After Federica Pallavicini’s father was treated for brain cancer, she wanted to help him with his recovery from the surgery. As reported by the daily world “I began to look into ways of improving his cognitive health without it being a burden or reminder of his situation,” she says. Inspiration came from an unusual source – video games.
Pallavicini has a personal connection with gaming. As a psychologist who studies the applications of virtual reality and video games for mental health and psychological wellbeing at the University of Milano-Bicocca, Italy, she noticed the improvement on her own mental health and lower stress levels after she played Call of Duty (CoD) and other games at F95zone. The first-person shooting game put players into a simulated war, and so is more commonly associated with violence and stress than as a way of improving mental health. Pallavicini, however, says playing became a form of therapy that was highly beneficial in her day-to-day life, and later inspired her career in research. With this in mind, she wondered if play could help her father, too.
Pallavicini had good reason to believe it could. Adults who demonstrate more playful personality traits are more motivated, creative, and spontaneous. There have even been links between people with more playful characteristics having lower blood pressure. While less playful people struggle in their leisure time to relax and often feel bored when their minds are not preoccupied, those that are more playfully inclined are aware of new opportunities and open to trying a wider variety of activities.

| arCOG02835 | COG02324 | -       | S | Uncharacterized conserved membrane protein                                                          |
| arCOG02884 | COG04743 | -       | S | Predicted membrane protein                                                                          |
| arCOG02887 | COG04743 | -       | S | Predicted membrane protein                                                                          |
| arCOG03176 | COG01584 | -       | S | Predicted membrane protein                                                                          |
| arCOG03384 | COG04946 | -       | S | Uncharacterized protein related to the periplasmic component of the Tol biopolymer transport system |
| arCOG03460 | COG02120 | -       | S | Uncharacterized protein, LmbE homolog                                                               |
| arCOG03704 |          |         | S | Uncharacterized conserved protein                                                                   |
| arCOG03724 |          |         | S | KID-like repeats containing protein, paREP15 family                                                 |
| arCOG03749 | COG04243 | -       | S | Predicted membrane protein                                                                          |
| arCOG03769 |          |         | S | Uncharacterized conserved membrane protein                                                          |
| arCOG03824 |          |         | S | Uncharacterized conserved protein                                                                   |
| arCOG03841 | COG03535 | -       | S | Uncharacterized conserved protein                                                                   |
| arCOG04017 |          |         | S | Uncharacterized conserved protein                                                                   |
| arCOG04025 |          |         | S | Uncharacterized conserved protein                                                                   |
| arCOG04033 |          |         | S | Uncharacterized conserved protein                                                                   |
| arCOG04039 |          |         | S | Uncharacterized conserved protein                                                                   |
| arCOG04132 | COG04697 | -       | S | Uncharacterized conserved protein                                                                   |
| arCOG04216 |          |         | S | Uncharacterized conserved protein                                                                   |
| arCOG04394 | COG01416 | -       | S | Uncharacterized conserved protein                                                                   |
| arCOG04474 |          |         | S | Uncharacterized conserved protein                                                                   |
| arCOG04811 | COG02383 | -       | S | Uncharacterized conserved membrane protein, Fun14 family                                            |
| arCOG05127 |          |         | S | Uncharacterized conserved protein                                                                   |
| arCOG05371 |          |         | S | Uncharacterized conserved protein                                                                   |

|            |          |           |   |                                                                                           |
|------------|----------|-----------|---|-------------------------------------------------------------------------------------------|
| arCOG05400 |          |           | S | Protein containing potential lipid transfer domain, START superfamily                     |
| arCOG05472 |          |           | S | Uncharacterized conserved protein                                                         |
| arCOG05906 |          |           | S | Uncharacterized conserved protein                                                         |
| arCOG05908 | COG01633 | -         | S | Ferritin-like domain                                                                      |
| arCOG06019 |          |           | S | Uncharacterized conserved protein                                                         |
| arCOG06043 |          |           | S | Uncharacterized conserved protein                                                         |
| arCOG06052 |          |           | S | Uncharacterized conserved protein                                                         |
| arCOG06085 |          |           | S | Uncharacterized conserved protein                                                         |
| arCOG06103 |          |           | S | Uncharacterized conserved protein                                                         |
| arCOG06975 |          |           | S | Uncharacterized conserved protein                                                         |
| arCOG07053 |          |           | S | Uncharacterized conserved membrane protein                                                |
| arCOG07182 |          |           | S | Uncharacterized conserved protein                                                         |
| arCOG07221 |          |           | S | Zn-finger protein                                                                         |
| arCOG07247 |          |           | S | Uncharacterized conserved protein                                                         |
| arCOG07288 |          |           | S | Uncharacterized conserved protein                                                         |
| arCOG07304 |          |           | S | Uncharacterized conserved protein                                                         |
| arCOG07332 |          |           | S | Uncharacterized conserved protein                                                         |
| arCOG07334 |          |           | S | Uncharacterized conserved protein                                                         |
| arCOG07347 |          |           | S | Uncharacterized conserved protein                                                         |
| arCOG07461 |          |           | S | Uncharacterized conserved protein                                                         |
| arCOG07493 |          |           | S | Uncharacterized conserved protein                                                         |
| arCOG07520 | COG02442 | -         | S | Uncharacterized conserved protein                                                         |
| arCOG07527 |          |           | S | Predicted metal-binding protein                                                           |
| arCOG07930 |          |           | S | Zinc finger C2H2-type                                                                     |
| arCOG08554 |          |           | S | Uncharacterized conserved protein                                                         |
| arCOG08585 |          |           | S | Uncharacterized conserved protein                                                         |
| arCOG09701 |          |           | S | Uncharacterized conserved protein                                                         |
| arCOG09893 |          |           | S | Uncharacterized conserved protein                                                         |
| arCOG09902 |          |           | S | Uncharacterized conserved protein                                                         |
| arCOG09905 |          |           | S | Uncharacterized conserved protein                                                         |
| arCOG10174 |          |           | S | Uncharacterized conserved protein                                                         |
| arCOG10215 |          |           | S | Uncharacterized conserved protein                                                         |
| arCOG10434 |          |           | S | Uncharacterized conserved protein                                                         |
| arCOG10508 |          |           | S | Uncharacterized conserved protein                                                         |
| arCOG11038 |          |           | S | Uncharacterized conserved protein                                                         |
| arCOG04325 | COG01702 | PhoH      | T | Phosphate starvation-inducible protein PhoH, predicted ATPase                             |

So, why do most of us stop playing as adults? And how can we learn to play again?
René Proyer, professor of psychology at Martin Luther University Halle-Wittenberg, Germany, says that playful adults are those able to frame everyday situations in such a way that they become entertaining and intellectually stimulating. Whether it’s an obsession with Candy Crush on the morning commute, playing video games with friends or even sharing a private joke with your partner or colleague, most people are playful, and yet the benefits might go unnoticed or nurtured.
The benefits of playfulness can be embraced again in adulthood, says Proyer, adding that in the same way that you might take part in meditation or exercise, playfulness should be viewed as a skill that can be developed, harnessed, and used for mindfulness.